Trump's presidency is becoming increasingly irrelevant
Announcement: Donald Trump is no longer the president of the United States.
Oh, sure, he has the title and he has the bully pulpit -- from which he's bullying everyone from NBA players to people protesting white supremacists to DACA kids.
But he's not actively governing the United States. That work is happening elsewhere -- in Congress, the courts, the Fed, the states. Or it's not happening at all.
It's not just that Trump lost the epic battle to repeal and replace the Affordable Care Act. Trump never understood the Affordable Care Act to begin with and played no part in developing Republican alternatives.
The budget Trump submitted to Congress earlier this year was dead on arrival. House Republicans ignored Trump's request for $54 billion in cuts to departments and agencies and decided instead to cut non-defense spending by just $5 billion, and explode the defense budget.
The nine-page tax plan that Trump and congressional Republicans unveiled last week only vaguely resembles Trump's original tax proposal, and all the important decisions have been left to the tax-writing committees of Congress.
Trump's relations with Senate Majority Leader Mitch McConnell and House Speaker Paul Ryan have become so strained that McConnell and Ryan have no interest in looping Trump into policies before they have to.
Meanwhile, Trump has run out of Obama executive orders he can declare voided. Major regulations, such as the EPA's Clean Power Plan, can't just be repealed. They have to go through a legal process that could take years.
Trump doesn't seem to be aware of this. He told a cheering crowd in Alabama recently that he had ended the Clean Power Plan by executive order. "Did you see what I did to that? Boom, gone."
Nope. The EPA will soon reveal its strategy for reversing the plan, but whatever it is, environmental groups are almost certain to appeal it in the courts. Big businesses and utilities, fearing that the courts may rule against the administration, are lobbying the EPA to come up with a replacement rather than try to eliminate the plan altogether.
Although Gen. John Kelly has reduced White House chaos somewhat, the firings and shakeups are unremitting.
Trump's Cabinet secretaries don't seem to have a clue. Education Secretary Betsy DeVos still wants to spend taxpayer money on for-profit schools and colleges that cheat their students. Won't happen. The EPA's Scott Pruitt is trying to strip the agency of scientists -- another brainless scheme.
Treasury Secretary Steve Mnuchin still has no idea how to deal with Congress. He tried to persuade Republican House members to support Trump's budget deal with the Democrats by asking them to do it "for me."
Health and Human Service Secretary Tom Prices didn't resign for his ethical breaches. If ethics were the criteria, most of the Trump administration would be gone. Price broke Trump's cardinal rule, which was never to get bad headlines for Trump.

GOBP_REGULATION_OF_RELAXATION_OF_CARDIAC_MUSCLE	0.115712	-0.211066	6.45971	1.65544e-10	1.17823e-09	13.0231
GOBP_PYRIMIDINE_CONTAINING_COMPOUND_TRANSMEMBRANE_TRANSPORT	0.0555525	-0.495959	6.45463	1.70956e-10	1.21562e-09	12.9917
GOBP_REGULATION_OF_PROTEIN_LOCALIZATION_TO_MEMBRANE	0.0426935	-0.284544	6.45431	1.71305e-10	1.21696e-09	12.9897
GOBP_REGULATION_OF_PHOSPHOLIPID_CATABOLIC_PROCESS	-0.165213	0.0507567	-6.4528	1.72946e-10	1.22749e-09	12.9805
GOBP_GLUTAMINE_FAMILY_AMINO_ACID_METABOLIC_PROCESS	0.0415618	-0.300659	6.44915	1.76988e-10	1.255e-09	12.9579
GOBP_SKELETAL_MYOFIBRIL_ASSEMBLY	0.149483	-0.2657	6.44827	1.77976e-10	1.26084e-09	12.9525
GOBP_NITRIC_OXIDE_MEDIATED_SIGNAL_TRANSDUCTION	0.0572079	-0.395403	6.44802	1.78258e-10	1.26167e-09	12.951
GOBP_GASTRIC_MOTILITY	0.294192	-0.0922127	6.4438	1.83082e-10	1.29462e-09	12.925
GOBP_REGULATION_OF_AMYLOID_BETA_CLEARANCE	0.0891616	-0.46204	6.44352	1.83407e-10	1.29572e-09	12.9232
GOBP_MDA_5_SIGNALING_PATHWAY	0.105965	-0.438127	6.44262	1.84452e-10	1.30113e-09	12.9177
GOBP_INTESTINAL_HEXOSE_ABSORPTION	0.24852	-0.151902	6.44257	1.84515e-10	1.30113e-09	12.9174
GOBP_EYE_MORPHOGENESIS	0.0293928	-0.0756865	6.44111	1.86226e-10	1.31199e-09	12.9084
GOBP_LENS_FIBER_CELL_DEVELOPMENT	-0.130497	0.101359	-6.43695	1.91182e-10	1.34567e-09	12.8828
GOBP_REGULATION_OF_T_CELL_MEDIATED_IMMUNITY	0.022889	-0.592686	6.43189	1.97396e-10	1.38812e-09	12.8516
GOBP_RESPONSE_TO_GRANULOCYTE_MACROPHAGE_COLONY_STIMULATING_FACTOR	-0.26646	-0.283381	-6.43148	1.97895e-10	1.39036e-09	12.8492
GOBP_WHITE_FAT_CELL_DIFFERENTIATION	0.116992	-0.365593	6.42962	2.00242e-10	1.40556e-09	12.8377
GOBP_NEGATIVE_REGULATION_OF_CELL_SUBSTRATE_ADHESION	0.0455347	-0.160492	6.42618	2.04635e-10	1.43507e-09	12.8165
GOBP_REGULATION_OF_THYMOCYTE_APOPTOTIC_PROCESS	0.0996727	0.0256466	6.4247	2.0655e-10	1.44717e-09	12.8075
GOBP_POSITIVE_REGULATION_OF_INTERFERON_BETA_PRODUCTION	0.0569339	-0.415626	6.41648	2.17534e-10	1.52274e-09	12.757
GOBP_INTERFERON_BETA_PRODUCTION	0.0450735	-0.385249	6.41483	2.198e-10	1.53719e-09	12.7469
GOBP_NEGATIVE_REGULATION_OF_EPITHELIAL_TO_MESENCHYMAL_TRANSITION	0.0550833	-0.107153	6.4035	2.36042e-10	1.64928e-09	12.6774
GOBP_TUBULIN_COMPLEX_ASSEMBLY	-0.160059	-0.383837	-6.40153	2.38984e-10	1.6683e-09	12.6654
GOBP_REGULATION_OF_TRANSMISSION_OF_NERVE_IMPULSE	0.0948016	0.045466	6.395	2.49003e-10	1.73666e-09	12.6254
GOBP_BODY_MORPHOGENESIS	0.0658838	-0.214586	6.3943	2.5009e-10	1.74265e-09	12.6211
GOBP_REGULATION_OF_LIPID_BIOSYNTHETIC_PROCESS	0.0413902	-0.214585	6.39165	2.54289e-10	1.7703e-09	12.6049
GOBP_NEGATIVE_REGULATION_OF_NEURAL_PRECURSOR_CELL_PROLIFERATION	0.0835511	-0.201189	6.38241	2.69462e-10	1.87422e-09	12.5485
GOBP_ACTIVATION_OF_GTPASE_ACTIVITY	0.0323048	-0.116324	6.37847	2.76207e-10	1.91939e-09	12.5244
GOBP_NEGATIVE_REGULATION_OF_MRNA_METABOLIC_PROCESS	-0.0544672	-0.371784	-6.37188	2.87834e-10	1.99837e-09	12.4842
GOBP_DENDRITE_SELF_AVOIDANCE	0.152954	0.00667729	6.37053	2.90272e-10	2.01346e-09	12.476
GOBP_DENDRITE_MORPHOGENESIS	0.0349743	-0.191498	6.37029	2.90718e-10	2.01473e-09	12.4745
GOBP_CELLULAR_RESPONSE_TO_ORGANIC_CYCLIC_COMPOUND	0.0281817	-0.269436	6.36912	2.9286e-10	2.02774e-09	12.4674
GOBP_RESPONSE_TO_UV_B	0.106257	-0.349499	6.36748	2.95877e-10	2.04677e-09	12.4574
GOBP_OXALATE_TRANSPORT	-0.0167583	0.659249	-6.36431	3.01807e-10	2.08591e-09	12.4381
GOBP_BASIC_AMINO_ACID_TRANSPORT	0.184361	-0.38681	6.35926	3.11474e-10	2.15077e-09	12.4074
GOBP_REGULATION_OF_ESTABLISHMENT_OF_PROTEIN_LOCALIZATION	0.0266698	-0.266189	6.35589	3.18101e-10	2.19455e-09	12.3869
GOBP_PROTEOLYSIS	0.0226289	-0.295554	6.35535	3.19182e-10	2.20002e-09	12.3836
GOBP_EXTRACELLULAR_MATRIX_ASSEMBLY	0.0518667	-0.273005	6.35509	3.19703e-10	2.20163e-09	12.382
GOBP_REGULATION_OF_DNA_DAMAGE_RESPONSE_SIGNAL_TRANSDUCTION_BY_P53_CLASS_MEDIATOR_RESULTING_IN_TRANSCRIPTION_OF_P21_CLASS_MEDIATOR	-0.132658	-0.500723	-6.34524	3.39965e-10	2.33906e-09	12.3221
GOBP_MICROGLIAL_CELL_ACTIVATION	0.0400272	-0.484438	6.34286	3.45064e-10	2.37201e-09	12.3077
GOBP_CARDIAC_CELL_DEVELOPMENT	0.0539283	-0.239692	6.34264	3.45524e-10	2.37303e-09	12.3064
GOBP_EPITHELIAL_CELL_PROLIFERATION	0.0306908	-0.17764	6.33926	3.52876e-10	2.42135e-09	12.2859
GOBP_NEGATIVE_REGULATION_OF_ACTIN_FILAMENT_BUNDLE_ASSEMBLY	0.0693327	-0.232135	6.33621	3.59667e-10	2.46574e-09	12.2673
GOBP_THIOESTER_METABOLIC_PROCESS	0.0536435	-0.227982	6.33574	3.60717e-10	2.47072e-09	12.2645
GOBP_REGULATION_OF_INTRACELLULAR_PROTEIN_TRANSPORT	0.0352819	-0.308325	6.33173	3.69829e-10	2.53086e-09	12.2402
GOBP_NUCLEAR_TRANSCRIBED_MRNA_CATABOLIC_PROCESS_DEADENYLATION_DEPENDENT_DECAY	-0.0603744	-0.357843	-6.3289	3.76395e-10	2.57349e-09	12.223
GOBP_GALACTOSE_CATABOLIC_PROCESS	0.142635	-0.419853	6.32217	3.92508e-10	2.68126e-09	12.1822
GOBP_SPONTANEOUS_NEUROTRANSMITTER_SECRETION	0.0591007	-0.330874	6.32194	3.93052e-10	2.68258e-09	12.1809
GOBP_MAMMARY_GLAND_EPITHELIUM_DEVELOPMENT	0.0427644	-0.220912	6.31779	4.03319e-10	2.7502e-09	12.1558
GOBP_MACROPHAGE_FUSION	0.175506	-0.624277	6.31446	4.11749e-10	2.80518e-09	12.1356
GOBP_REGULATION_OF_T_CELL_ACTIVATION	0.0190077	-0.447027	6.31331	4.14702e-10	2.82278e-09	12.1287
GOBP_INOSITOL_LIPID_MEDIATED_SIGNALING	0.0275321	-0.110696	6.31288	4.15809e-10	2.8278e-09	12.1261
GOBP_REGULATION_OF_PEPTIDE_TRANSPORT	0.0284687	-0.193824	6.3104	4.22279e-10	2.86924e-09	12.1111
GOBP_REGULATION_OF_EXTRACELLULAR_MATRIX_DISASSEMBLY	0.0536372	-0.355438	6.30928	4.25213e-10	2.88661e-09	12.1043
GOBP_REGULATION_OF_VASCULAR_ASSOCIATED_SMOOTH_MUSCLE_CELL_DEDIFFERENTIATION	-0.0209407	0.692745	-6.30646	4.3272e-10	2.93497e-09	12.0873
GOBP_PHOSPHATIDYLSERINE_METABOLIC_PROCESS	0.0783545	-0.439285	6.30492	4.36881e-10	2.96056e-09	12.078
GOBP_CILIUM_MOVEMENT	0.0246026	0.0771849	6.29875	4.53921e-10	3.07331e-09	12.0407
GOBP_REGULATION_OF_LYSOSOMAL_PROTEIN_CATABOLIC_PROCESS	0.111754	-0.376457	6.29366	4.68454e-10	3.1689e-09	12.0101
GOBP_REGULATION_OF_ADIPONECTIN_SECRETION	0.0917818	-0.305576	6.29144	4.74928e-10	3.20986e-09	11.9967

Top echelons of departments and agencies are still empty. Trump has said "in many cases, we don't want to fill those jobs," which means decisions are being made by career civil servants and industry lobbyists.
By the start of September, more than a third of the leadership positions at the Federal Emergency Management Agency were still vacant. Not a good way to begin hurricane season. Puerto Rico, anyone?
As of mid-September, out of 599 key government positions that require Senate confirmation, Trump had made only 159 nominations, according to The Washington Post. Trump had yet to submit nominations for 320 positions.
Trump's political clout is waning among Republicans. He couldn't even get his pick elected in a Senate primary in Alabama, a state bulging with Trump voters.
Business leaders have deserted him over his remarks over Charlottesville. NFL owners have turned on him over his remarks about players. Tom Brady, who once called Trump "a good friend," now calls him "divisive."
Don't get me wrong. Trump is still a dangerous showman and con man -- tweeting condemnations of critics and ranting before friendly crowds at his never-ending campaign rallies. He continues to fuel bigotry and meanness. He has reduced America's standing in the world. His outbursts could start a nuclear war.
But when it comes to the actual work of governing America, Trump is becoming utterly and completely irrelevant.
(Robert Reich, a former U.S. Secretary of Labor, is professor of public policy at the University of California at Berkeley and the author of "Saving Capitalism: For the Many, Not the Few," now available in paperback. His new film, "Inequality for All," is now out on Amazon, DVD and On Demand. His daily blog is at www.facebook.com/RBReich/.)